The Stone Fox is a cozy venue tucked within that area of Nashville where the construction is sparse, save for the streets named after our fifty states. Read: I have no idea how I got here, but thank God for iPhone maps.
When I arrive, fifty people stand outside only to find out that the show is sold out, and somehow, one free parking spot waits for me right in front of the venue. Good karma and a The Weeks/Sol Cat show is a fine pairing for a Saturday night.
By the time I’ve settled into the corner of the bar, with my prerequisite whiskey and iPhone notes app, (again: thank you Steve Jobs), The Weeks are halfway into their first song. Gutter Gaunt Gangster is an album that has gained significant credos, not just among us Nashville locals, but nationally; magazines like Rolling Stone have taken note of their musical acumen. Tonight their reputation precedes them; the venue is already packed with clusters of fans. This isn’t an exclusive crowd of college hipsters that involuntarily fill up the audience. These are true, hands flailing, “I know your album better than you do,” fans.
The performance is in an interactive one; as the bassist sways stage left, the audience mirrors his actions, and his smile reflects their enthusiasm. The synchronicity between the audience and the band could make a choreographed music video shot in one take. Such is a testament to the Week’s performance prowess; although these songs have circulated enough to gain a credible fan base both in and outside of Nashville, the band plays with a genuine passion for southern rooted rock n’ roll, and the audience recognizes this. They save their single, “House We Grew Up In,” for last, and the crowd coos harmonies just a beat too early, high off the music.
If the Weeks make me wish I felt like a slave to southern culture, Sol Cat makes me long for a houseboat on the coast. These bands work well together in concert, because they are both rooted in geography. The Weeks invoke their performance with pride for a working-class culture and a Southern landscape. Sol Cat’s music conjures up images of lush tropics, recreated by hammocks and inflatable palm trees inside a twenty-something’s apartment.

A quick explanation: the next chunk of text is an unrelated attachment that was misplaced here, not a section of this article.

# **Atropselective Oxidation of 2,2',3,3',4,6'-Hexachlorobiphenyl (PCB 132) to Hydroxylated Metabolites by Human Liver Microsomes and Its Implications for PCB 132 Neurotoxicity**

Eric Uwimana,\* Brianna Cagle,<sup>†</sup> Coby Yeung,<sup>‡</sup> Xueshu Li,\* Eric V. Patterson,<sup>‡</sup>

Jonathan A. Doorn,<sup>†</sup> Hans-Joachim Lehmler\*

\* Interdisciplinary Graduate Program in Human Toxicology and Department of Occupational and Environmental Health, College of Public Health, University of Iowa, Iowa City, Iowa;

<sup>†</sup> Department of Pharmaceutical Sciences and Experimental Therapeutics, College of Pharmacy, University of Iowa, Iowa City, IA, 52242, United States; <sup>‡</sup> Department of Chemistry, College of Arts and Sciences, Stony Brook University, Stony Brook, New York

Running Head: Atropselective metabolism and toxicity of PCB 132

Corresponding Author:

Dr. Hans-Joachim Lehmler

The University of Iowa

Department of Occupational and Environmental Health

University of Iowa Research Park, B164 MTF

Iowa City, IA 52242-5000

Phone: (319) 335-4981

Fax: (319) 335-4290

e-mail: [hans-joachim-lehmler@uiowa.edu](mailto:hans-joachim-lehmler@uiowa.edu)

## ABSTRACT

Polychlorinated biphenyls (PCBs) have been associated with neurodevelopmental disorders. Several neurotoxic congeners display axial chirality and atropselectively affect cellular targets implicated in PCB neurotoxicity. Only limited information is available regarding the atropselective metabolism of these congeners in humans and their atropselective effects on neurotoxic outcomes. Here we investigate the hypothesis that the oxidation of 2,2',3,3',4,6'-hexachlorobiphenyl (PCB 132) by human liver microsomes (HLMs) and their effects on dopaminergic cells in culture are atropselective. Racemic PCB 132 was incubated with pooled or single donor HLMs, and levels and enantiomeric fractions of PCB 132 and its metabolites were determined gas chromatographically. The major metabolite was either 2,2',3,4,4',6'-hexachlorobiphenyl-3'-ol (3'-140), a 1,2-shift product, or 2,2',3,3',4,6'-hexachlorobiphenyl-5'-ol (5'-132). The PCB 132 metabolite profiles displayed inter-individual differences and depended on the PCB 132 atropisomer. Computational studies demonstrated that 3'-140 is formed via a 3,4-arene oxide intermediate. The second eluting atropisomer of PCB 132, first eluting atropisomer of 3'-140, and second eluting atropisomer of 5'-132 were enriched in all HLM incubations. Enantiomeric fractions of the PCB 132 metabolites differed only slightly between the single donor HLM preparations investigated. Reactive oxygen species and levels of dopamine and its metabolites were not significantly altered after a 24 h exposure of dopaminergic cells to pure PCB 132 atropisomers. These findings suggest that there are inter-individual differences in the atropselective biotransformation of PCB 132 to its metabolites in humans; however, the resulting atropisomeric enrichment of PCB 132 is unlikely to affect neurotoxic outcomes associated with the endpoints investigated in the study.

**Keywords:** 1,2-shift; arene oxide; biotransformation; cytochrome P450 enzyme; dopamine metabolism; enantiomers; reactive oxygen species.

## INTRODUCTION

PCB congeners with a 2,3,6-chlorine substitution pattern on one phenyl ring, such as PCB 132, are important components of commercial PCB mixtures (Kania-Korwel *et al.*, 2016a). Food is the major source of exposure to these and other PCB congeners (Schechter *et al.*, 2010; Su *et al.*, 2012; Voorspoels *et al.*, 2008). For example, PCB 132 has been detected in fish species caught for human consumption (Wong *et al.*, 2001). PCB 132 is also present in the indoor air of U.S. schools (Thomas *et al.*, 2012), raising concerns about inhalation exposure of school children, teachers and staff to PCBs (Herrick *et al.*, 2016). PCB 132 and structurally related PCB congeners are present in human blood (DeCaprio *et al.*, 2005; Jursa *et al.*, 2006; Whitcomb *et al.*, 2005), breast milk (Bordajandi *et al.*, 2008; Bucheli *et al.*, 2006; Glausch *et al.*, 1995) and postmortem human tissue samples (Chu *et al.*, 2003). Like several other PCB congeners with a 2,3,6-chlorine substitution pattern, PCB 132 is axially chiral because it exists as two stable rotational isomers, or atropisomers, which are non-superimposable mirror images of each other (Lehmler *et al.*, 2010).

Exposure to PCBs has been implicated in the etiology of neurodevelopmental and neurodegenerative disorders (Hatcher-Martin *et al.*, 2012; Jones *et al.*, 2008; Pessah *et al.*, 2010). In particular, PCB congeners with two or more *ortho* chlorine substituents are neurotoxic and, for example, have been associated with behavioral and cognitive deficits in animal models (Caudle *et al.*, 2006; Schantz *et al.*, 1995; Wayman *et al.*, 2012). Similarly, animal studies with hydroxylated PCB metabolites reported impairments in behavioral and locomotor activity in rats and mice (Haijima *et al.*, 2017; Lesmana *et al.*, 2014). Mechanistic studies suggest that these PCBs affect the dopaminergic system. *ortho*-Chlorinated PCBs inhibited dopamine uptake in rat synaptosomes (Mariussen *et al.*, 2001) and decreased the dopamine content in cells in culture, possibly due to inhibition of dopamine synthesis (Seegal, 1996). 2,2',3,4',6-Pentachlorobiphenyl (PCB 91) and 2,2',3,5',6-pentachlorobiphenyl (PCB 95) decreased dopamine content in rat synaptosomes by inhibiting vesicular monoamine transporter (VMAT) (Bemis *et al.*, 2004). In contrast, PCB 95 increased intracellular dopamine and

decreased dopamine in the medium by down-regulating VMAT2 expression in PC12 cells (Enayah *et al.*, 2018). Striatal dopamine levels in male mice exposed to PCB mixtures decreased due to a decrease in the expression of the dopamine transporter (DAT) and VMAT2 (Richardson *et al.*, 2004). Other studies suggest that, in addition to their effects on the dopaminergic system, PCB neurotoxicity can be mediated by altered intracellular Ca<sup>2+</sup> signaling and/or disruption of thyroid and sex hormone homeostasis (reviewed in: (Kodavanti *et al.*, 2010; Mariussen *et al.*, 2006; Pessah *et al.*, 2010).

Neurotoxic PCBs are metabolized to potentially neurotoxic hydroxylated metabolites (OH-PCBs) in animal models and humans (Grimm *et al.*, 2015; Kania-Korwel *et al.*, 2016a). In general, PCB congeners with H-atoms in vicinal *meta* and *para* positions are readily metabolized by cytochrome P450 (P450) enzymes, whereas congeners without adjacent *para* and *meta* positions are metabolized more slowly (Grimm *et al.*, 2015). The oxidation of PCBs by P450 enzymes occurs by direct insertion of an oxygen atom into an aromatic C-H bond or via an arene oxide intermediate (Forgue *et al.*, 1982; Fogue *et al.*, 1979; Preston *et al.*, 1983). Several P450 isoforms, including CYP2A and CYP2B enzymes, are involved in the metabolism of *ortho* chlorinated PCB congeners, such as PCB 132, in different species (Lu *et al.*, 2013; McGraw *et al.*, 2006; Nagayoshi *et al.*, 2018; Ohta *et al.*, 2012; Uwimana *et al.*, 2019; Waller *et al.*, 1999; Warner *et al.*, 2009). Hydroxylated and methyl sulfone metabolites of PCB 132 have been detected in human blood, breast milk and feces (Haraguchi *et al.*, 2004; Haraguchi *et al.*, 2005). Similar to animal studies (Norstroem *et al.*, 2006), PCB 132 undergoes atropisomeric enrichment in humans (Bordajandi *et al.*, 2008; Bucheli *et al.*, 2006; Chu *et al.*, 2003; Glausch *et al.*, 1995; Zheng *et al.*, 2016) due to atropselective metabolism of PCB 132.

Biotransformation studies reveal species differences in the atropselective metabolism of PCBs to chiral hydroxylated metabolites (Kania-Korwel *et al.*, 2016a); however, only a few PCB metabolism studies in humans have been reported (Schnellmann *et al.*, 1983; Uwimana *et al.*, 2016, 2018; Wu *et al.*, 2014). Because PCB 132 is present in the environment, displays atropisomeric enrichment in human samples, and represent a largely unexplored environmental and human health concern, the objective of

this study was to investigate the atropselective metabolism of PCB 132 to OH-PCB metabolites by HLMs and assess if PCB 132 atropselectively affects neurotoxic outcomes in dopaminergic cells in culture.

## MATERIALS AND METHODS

Tonight, Sol Cat debuts their full, self-titled album, and my expectations are fulfilled. I expect that the new music will make me wants to dance, drink, and invest in a life of shirking responsibilities. By the end of the set, my feet are blistered, my buzz is a little too strong, and I’m most will not have a productive Sunday morning. Mission accomplished.
I’ve been chronicling the band’s progress for about a year now, wondering when I’ll find their performances juvenile, or their music stale. But this never happens, for two reasons. First off, the members of Sol Cat play with an unfiltered amount of charisma; all five of them perform like caricatures of themselves, oozing a light-hearted seductiveness akin to a 1970’s Rolling Stones. They are deeply infatuated with the sounds their instruments produce, and they allow us to peer inside five intimate relationships that blend together harmoniously. Second, their songs don’t compel us to try and dig substantive meaning out of their content; they just compel us to have fun. After the show, I find the band’s guitarist, and voice memo his opinions on the completed album. (Has someone written a piece on our generation’s unprecedented attachment to Apple technology? If so, I need to read that.) I listen to it the next morning, but can barely make out the five-minutes of drunken banter. What it comes down to is that Sol Cat is just trying to make us dance. They want us to shirk our responsibilities, to feel hungover after their shows, and to alleviate our headaches with further indulgence and a run-through of their album. They want us to imagine a free-spirited life in a houseboat off a coast. This is why when I see Sol Cat, my expectations will always be fulfilled.
I will go home and make plans to buy a one-way ticket to some far-off city, and live within the spontaneous and liberated realm of happiness that their music evokes. And this high will persist, until I am two weeks late on my electric bill. Then I will lie in the dark, nested inside the hammock of my twenty-something apartment, down a few beers and listen to this album. And the cycle will continue, because Sol Cat will always fulfill my expectations.